99 days — Clarence Thomas (H.W. Bush), confirmed 52-48, Oct. 15, 1991 (11 public hearings, first was 64 days after nomination)

    89 days — William H. Rehnquist (Reagan), confirmed to be chief justice 65-33, Sept. 17, 1986 (4 public hearings, first was 39 days after nomination)

    87 days — Elena Kagan (Obama), confirmed 63-37, Aug. 5, 2010 (4 public hearings, first was 49 days after nomination)

    85 days — Antonin Scalia (Reagan), confirmed 98-0, Sept. 17, 1986 (2 public hearings, first was 42 days after nomination)

    82 days — Samuel Alito (W. Bush), confirmed 58-42, Jan. 31, 2006 (5 public hearings, first was 60 days after nomination)

    79 days — Melville W. Fuller (Cleveland), confirmed 41-20, July 20, 1888 (no recorded hearings)

    78 days — Thurgood Marshall (Johnson), confirmed 69-11, Aug. 3, 1967 (5 public hearings)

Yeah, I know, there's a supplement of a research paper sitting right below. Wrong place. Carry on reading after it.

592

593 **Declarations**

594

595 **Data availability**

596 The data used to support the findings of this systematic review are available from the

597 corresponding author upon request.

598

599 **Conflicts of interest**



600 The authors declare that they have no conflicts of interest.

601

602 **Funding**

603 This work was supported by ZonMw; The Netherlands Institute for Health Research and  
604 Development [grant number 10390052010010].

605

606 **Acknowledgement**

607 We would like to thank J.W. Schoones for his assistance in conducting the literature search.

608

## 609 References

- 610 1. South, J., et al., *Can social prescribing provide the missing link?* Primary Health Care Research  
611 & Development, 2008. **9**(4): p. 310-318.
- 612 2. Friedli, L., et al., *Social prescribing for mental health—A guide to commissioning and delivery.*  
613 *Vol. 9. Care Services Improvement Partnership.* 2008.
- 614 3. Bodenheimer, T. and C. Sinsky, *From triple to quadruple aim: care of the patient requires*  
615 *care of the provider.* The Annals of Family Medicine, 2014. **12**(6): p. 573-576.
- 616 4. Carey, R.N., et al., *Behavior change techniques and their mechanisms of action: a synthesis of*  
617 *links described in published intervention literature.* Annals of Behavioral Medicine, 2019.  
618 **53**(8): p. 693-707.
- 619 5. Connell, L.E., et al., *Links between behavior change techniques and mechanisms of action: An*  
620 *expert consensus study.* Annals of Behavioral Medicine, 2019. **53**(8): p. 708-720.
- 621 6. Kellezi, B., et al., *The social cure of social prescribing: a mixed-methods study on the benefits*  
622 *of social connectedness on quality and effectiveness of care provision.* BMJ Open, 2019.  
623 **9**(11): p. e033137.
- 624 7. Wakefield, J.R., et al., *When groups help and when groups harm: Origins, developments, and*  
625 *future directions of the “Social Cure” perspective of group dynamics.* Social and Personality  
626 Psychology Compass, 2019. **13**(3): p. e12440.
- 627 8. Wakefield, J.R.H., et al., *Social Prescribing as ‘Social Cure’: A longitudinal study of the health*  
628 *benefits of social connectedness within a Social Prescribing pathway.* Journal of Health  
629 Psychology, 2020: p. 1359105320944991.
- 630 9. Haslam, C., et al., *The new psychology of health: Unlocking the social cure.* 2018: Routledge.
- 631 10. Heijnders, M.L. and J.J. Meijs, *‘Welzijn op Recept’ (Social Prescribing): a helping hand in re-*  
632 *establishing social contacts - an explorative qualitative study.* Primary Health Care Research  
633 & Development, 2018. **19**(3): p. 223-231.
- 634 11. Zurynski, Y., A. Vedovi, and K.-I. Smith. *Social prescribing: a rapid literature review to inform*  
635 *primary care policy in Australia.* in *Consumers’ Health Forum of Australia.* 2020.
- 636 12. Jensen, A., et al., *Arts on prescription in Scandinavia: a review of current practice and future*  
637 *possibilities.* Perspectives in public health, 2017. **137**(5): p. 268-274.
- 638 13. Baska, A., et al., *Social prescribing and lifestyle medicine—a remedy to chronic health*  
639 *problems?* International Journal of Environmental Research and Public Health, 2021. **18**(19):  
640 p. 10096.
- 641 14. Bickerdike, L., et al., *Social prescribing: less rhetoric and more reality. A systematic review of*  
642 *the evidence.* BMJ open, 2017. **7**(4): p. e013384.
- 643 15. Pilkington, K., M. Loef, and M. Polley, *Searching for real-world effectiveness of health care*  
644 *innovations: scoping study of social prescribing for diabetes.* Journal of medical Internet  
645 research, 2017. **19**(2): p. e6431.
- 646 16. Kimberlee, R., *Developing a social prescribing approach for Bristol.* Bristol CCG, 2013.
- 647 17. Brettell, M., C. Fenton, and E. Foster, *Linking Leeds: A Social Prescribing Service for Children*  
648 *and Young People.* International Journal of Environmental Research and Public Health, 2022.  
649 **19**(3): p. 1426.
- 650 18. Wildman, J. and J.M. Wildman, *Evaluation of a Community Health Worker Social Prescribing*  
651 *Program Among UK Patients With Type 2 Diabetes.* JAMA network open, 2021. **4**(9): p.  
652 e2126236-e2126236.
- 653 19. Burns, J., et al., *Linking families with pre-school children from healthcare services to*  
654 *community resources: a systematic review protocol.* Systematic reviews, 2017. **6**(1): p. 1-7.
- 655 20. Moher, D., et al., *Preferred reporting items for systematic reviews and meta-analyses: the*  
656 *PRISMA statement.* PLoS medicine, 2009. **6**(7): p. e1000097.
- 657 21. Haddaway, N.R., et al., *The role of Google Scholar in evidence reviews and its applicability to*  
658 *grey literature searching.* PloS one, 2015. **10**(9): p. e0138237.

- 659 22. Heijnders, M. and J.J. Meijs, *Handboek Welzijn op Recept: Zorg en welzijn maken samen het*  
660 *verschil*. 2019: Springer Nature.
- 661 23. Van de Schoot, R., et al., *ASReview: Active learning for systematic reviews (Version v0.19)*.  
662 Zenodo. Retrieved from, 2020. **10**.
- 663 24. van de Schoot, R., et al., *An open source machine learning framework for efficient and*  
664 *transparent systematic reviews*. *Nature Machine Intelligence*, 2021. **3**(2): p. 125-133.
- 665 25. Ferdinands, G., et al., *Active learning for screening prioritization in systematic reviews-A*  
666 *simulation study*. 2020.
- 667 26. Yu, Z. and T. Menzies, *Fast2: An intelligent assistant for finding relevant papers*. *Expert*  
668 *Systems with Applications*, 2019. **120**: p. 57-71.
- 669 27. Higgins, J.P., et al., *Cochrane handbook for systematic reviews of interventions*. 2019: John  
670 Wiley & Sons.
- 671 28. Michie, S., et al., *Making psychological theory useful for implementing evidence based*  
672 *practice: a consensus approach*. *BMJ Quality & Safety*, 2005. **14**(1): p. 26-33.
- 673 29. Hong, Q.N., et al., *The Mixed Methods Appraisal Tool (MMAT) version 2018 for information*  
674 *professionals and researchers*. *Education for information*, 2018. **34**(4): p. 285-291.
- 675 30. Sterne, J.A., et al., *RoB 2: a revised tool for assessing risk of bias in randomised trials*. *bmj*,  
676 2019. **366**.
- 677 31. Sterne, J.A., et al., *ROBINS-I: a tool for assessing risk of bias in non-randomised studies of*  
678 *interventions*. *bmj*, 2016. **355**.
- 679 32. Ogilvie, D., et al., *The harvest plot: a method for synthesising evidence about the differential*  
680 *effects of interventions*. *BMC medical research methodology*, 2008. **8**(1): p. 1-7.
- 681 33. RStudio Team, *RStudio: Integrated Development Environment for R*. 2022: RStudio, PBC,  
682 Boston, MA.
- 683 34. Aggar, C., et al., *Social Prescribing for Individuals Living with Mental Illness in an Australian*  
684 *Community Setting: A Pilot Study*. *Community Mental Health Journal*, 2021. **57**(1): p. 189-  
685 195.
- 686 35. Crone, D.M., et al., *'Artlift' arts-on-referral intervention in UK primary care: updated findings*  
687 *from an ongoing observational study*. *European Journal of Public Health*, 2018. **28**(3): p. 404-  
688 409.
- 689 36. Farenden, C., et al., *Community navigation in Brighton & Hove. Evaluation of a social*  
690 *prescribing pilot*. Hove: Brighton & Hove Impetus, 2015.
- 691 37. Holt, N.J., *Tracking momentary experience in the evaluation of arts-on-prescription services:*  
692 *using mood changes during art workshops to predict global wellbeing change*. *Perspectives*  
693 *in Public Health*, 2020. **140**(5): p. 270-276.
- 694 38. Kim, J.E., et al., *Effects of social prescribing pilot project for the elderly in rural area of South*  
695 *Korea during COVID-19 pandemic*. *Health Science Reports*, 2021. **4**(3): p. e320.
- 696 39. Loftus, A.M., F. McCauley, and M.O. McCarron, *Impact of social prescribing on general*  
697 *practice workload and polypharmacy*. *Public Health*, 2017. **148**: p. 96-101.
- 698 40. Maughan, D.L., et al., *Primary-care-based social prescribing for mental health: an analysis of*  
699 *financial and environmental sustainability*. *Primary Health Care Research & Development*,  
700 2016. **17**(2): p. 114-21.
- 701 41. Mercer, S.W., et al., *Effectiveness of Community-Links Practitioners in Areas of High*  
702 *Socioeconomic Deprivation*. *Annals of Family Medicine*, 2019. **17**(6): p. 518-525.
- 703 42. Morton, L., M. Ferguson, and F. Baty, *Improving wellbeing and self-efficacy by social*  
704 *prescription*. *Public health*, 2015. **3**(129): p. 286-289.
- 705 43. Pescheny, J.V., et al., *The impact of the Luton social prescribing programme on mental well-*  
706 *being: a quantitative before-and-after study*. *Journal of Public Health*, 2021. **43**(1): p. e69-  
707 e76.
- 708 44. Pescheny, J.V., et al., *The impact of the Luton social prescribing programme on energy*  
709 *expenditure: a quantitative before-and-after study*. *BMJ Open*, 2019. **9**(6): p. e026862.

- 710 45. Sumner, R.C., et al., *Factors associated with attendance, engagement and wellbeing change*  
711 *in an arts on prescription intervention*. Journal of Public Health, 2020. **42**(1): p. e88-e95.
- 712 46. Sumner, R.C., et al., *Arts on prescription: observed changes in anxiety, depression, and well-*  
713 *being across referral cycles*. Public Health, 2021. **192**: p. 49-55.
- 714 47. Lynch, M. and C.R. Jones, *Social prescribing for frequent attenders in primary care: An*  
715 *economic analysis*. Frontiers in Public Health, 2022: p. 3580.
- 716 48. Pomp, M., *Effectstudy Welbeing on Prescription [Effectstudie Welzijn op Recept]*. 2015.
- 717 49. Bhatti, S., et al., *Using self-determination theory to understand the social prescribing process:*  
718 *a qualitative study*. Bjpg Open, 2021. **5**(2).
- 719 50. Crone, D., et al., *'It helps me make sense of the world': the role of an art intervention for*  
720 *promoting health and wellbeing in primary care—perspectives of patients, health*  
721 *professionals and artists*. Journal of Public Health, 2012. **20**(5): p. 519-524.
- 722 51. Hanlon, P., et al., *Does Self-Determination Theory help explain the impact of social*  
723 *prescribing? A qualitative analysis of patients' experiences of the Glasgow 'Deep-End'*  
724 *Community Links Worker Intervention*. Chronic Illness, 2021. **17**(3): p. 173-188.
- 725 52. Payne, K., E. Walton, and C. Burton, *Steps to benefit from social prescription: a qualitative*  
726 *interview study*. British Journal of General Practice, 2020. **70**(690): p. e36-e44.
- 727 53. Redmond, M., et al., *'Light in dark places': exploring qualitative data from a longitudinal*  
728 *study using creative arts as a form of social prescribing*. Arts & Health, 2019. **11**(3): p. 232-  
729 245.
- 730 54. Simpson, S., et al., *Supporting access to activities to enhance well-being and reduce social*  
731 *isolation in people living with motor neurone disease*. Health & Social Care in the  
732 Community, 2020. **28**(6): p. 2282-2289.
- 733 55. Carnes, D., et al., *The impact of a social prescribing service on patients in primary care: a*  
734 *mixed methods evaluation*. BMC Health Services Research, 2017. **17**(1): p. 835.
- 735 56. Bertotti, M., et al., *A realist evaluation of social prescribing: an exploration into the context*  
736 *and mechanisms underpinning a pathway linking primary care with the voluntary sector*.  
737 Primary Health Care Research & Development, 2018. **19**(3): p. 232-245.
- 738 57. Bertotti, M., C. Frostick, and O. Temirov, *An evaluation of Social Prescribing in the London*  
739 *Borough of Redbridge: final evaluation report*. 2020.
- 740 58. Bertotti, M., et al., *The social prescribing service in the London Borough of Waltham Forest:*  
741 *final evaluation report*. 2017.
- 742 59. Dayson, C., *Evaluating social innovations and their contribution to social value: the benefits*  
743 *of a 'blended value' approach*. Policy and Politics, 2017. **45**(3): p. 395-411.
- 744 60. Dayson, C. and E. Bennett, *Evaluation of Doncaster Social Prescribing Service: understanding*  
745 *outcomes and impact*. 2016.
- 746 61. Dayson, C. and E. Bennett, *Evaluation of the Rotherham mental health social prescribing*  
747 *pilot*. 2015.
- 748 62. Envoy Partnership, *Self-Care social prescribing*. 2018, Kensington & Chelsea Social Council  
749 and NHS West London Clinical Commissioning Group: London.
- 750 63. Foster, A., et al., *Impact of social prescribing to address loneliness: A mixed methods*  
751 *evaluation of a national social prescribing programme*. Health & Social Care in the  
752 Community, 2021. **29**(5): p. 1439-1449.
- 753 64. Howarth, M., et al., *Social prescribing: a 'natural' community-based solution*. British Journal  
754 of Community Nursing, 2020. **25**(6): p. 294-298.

So where does the insecure braggard’s 103 years crap come from ? Possibly this – 125 days — Louis D. Brandeis (Wilson), confirmed 47-22, June 1, 1916 (19 public hearings, first was 12 days after nomination)

    So…….more patently false superlatives and bullshit, what ?

  8. amirite 9

    Turns out the cops were hiding vital video evidence about the Pike Mine reentry since 2011 and Bill English is still repeating his mantra that the reentry is unsafe.
    They’ve been lying to Pike Mine families and all NZers all these years.